by Muriel Mirak-Weissbach
Armenian Mirror Spectator
COLOGNE, Germany- February 9, 2023 — A decade and a half after the assassination of Hrant Dink, the social and political injustice he fought against still reigns, not only in Turkey but also in Europe.
Xenophobic hatred and violence are being fomented by right-wing extremists, targeting newcomers, whether immigrants or refugees. Even among groups of newcomers, from Turkey, for example, there are right-wingers who have their own special targets — democratic Turks and Kurds, Armenians and increasingly, Jews. And in their homeland as well, minorities are under attack.
This was the subject of a discussion on January 21, moderated by Raffi Kantian, chairman of the German-Armenian Society (DAG), in the course of a meeting in Cologne, commemorating the anniversary of the death of Dink.
Joining the round table were Amke Dietert, Turkey expert from Amnesty International in Germany, Berivan Aymaz, Green Party politician and second vice-president of the State Legislature in North-Rhine Westphalia, and Banu Güven, a Turkish journalist and TV moderator, who has been working in Germany since 2016.
Remembering Hrant Dink
The Agos editor’s widow, Rakel Dink, welcomed the large gathering by a video hookup. She expressed the pain of his loss, even 16 years later, recalling how Hrant in his lifetime had continued to feel the pain of the 1915 genocide. Despite extremely critical conditions in Turkey today and the continuing aggression in Nagorno-Karabakh, the situation is “not without hope,” she said, and pointed to the courageous protest movement in Iran.
In his opening greetings, Bishop Serovpé Isakhanyan, Primate of the Armenian Apostolic Church in Germany, lamented the fact that, even 16 years later, the case of Dink’s death is still murky, and reconciliation based on justice remains distant. Reconciliation has been further undermined by the Nagorno-Karabakh war and its aftermath as well as by pervasive silence on the continuing crisis. In this connection Bishop Isakhanyan stressed the importance of “courageous voices,” like that of Hrant Dink, voices that speak out against injustice and fight for peace and reconciliation.
Among others, journalist Can Dündar offered brief remarks, noting two dimensions to Hrant Dink’s death. On the personal level, Dink belonged to both Armenian and Turkish society, and his death brought the two social layers together. On the political level, the case again demonstrated the problem of the untouchable State.
The round table discussion, titled, “From Exclusion to Violence: What We Can Do Against Hate and Rightwing Extremism,” considered current events in Germany and Europe, but also in Turkey, where Istanbul mayor Ekrem Imamoglu and cultural patron Osman Kavala and their associates are facing political persecution, despite intervention by the European Court of Human Rights.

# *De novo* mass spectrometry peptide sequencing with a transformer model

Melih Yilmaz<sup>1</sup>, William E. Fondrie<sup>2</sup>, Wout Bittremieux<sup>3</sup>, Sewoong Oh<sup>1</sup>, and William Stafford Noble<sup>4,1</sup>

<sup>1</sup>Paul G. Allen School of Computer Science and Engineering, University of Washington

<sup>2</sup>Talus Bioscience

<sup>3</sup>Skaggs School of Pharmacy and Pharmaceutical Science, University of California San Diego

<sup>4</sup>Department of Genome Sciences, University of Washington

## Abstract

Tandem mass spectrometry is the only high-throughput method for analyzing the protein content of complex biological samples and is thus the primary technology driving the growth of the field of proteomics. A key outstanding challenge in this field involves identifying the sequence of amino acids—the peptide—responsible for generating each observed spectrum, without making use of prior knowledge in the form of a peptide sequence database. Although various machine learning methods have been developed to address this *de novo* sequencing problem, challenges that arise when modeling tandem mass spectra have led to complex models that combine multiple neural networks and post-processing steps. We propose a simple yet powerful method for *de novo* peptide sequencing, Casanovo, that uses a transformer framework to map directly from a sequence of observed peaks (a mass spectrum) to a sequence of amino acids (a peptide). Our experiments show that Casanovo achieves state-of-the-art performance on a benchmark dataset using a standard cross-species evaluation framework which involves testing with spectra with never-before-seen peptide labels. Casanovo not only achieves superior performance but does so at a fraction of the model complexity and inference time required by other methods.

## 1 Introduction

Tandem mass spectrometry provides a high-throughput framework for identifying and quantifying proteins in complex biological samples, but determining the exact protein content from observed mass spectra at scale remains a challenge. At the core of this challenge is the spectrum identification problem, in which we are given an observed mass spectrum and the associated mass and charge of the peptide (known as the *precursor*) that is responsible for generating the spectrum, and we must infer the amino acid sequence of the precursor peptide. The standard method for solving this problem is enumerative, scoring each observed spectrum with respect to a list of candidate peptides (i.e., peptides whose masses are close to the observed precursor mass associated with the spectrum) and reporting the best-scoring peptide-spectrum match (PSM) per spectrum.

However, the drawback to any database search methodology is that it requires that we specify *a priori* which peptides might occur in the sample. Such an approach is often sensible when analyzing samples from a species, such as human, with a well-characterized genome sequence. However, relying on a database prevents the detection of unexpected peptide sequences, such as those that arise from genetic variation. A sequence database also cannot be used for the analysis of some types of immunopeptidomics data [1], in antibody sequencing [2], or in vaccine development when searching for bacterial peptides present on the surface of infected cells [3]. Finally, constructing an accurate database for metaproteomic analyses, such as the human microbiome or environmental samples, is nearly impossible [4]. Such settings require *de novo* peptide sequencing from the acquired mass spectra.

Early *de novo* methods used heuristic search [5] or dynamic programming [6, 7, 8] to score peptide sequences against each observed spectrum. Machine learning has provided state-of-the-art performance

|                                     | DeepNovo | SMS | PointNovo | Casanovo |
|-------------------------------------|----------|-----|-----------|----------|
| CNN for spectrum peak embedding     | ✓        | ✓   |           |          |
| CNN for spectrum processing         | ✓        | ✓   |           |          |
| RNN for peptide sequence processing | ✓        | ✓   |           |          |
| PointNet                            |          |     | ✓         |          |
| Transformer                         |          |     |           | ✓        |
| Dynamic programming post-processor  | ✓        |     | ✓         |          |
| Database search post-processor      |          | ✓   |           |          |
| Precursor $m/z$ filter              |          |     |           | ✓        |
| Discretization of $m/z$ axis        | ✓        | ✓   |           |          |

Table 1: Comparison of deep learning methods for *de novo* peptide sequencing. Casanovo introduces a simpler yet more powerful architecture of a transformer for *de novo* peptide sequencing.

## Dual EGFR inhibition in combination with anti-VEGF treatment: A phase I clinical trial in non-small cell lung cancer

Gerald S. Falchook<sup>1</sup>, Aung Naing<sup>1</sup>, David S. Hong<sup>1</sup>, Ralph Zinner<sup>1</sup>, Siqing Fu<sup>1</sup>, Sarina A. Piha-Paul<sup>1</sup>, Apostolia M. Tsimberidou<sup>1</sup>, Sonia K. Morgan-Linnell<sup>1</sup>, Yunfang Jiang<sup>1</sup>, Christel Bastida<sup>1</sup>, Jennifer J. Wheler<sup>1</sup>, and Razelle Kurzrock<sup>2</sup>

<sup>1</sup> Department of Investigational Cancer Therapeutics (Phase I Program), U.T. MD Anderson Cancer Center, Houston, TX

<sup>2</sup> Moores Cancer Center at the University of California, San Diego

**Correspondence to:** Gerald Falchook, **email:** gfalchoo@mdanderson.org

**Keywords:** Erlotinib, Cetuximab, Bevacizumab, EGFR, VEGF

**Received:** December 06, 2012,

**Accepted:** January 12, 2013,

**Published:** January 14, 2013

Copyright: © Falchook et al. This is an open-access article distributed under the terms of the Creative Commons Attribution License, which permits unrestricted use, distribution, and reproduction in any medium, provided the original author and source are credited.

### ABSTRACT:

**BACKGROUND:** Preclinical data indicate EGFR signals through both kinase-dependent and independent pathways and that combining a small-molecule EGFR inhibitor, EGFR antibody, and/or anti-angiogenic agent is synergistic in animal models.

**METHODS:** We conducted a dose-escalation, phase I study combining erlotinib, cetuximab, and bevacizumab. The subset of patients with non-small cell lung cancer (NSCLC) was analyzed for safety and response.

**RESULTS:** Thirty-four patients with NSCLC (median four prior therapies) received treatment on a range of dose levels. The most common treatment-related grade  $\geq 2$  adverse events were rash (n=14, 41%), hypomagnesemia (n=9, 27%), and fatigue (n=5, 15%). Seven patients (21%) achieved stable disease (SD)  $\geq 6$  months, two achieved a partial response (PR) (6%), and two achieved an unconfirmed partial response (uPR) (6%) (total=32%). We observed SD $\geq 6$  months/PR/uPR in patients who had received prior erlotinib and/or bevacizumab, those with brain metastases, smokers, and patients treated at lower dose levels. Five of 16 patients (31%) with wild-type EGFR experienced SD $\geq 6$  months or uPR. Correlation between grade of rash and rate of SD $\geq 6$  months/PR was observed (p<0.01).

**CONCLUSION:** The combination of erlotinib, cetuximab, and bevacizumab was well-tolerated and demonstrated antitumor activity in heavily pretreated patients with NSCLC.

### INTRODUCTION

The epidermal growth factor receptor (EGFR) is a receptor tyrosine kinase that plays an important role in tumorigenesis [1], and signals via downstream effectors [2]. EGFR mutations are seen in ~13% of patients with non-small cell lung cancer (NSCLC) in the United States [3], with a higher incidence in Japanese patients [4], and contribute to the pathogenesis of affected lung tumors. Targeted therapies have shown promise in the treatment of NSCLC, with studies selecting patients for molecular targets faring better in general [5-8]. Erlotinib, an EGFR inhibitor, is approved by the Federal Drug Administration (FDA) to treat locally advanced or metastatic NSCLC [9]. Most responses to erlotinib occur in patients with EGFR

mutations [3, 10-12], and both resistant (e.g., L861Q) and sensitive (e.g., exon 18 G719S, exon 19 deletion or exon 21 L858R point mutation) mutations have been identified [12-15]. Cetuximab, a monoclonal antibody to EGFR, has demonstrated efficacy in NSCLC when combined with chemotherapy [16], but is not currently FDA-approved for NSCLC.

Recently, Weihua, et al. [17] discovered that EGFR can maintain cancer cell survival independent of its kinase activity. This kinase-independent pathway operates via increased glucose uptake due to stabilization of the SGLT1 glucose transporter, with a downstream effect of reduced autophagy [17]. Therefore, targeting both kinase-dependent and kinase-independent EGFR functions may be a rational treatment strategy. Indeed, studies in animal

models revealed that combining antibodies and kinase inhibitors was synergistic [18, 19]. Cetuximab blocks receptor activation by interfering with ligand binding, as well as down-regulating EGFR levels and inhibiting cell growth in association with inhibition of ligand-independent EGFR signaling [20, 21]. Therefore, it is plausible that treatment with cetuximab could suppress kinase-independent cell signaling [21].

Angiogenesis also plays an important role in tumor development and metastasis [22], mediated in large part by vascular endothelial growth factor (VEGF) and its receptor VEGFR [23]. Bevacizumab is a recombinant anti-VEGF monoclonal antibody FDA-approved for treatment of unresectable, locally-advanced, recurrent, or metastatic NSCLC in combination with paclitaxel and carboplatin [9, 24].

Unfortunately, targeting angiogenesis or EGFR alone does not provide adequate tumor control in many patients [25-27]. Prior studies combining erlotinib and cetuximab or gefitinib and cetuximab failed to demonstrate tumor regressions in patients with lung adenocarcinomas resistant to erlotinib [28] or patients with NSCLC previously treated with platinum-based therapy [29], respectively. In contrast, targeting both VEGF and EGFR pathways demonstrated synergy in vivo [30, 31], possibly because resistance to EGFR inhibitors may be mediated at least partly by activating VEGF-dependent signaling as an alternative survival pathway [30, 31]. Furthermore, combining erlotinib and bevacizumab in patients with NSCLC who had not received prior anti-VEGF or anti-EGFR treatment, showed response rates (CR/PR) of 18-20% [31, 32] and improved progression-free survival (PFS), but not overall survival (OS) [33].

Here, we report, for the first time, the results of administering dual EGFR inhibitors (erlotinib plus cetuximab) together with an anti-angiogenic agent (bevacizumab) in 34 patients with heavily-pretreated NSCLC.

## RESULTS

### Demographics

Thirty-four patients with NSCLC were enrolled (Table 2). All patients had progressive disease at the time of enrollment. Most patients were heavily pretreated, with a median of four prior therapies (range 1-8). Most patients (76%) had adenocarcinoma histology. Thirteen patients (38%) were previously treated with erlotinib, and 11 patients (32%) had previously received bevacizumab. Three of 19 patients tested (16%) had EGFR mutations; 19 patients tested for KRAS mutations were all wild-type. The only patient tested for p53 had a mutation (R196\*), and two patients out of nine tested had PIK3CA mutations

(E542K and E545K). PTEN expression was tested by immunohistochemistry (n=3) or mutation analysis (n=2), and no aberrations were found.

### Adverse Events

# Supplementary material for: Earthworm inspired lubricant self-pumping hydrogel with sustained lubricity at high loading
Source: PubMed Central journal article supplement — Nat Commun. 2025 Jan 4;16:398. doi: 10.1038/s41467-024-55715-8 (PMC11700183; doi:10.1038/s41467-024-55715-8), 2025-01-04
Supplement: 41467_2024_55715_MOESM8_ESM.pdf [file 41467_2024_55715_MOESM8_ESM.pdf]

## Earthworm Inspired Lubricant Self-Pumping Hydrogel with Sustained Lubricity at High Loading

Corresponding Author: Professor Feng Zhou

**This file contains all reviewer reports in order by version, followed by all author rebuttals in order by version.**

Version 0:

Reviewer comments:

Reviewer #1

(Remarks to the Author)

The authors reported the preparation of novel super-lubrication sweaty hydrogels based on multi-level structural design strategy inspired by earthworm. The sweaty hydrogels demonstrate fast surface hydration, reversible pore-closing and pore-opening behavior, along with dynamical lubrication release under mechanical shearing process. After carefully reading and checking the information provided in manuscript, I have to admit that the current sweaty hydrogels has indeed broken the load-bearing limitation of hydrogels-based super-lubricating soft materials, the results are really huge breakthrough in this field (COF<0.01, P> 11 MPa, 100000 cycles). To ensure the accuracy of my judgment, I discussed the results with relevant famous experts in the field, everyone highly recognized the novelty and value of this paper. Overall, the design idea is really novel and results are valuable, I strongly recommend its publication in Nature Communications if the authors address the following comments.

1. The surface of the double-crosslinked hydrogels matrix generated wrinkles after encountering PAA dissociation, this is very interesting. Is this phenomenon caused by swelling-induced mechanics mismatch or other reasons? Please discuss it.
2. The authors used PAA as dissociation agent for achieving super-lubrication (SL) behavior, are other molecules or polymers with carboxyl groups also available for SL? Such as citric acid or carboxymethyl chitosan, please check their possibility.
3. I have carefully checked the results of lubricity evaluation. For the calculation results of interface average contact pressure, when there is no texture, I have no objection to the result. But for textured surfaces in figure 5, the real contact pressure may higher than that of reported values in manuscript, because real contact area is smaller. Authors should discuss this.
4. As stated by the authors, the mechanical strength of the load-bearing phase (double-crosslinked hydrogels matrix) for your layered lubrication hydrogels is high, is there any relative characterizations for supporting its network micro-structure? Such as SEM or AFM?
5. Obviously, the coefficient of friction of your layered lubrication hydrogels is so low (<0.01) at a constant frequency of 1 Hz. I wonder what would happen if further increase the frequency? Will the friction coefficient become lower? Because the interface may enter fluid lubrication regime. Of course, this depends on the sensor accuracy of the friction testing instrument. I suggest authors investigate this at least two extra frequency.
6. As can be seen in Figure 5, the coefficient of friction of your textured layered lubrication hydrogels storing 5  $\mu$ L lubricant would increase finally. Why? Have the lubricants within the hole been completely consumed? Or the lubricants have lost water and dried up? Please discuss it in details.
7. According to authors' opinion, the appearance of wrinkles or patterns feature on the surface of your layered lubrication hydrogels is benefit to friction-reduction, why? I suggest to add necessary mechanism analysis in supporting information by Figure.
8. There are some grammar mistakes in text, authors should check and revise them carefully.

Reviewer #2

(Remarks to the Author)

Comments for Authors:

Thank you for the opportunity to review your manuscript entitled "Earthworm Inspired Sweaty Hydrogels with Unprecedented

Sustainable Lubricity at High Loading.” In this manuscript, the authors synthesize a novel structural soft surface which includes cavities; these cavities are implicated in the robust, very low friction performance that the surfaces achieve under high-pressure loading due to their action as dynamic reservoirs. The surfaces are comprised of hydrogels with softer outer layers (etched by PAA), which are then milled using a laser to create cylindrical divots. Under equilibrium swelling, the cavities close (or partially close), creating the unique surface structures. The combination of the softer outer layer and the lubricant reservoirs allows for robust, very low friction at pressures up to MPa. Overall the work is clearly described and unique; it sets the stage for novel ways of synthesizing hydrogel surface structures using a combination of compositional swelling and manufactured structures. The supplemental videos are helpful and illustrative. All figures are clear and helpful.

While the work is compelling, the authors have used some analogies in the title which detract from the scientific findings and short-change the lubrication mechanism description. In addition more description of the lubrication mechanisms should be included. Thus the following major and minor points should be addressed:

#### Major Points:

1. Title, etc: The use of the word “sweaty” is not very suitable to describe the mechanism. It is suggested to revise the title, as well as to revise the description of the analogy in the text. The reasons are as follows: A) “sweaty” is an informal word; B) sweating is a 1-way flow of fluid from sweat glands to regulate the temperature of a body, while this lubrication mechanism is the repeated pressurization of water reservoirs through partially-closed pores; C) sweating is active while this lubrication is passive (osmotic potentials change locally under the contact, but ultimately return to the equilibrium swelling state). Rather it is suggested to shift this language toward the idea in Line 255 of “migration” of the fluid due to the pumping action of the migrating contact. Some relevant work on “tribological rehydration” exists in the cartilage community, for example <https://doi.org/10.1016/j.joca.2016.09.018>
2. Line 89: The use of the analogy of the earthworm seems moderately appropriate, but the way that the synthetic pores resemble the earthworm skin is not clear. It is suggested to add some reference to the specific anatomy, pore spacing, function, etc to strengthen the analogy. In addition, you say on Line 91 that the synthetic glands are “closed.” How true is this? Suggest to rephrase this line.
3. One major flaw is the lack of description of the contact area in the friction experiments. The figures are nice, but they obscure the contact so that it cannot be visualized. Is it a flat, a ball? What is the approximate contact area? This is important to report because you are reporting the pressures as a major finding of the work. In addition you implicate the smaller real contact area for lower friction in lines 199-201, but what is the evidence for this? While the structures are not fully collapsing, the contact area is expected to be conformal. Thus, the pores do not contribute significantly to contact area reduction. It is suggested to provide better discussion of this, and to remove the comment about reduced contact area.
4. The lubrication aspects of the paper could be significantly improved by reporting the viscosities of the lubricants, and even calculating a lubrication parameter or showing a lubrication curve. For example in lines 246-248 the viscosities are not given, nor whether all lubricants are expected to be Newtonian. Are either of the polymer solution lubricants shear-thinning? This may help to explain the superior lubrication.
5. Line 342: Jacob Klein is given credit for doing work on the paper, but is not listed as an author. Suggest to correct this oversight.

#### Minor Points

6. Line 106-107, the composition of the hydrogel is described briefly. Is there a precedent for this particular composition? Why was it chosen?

When acts of violence against foreigners occur in Germany, one often hears complaints about the “failure of integration,” a cliché implying that newcomers don’t want to be integrated — without considering whether or not it might be the integration programs that are at fault. Similarly, when a suspect is arrested for a violent act, often the first question raised in the media is the person’s ethnic identity: what is his first name?
Aymaz dubbed this pure populism, pointing out that in many cases, like the 2020 racist shooting of nine victims in Hanau, the assailants are native-born Germans. By the same token, Kantian added, there are the xenophobic foreigners, the most notorious being the Turkish terrorist organization Grey Wolves. In 2018, the Bundestag (Parliament) debated its status, and passed a resolution which, however, was watered down out of foreign policy considerations. France has forbidden the group; for Aymaz, the Grey Wolves, being the biggest extremist, racist organization in Germany, one that targets Kurds, Armenians, and Jews, can’t be allowed. The “fight against racism has priority over foreign policy issues.”
This fight, she continued, depends on resistance outside parliament, on the power of civil society. The same, Kantian noted, goes for Turkey. In this connection, attention turned to the case of Anadolu Kültür founder Osman Kavala, the reasons for his detention, and the prospects for his release. Contrary to accusations that he was behind an attempt to overthrow the government, it was his commitment to cultural pluralism that was considered a crime. Is civil society in Turkey strong enough today to mobilize, as it did following Dink’s death, when the slogan was “We are all Armenians”? For Anke Dietert, this spirit is still alive, but it faces tremendous opposition in Turkey’s nationalist, anti-minorities policy, as well as state control of the media.
Can the upcoming elections lead to change? The fact that elections take place is itself positive, but whether they will be free and fair is an open question. Participants reported on the extreme polarization inside Turkey, as well as waning support for the ruling parties due to the economic crisis, also reflected in close poll results. At the same time, repression of any political opposition and financial constraints are hurting the opposition parties. Güven expressed concerns that this repression would increase even further, blocking funds for opposition parties. Aymaz pointed to the importance of Turkish voters living in Germany, a huge block amounting to 1.4 million people, among them ultranationalists crucial to the AKP and MHP.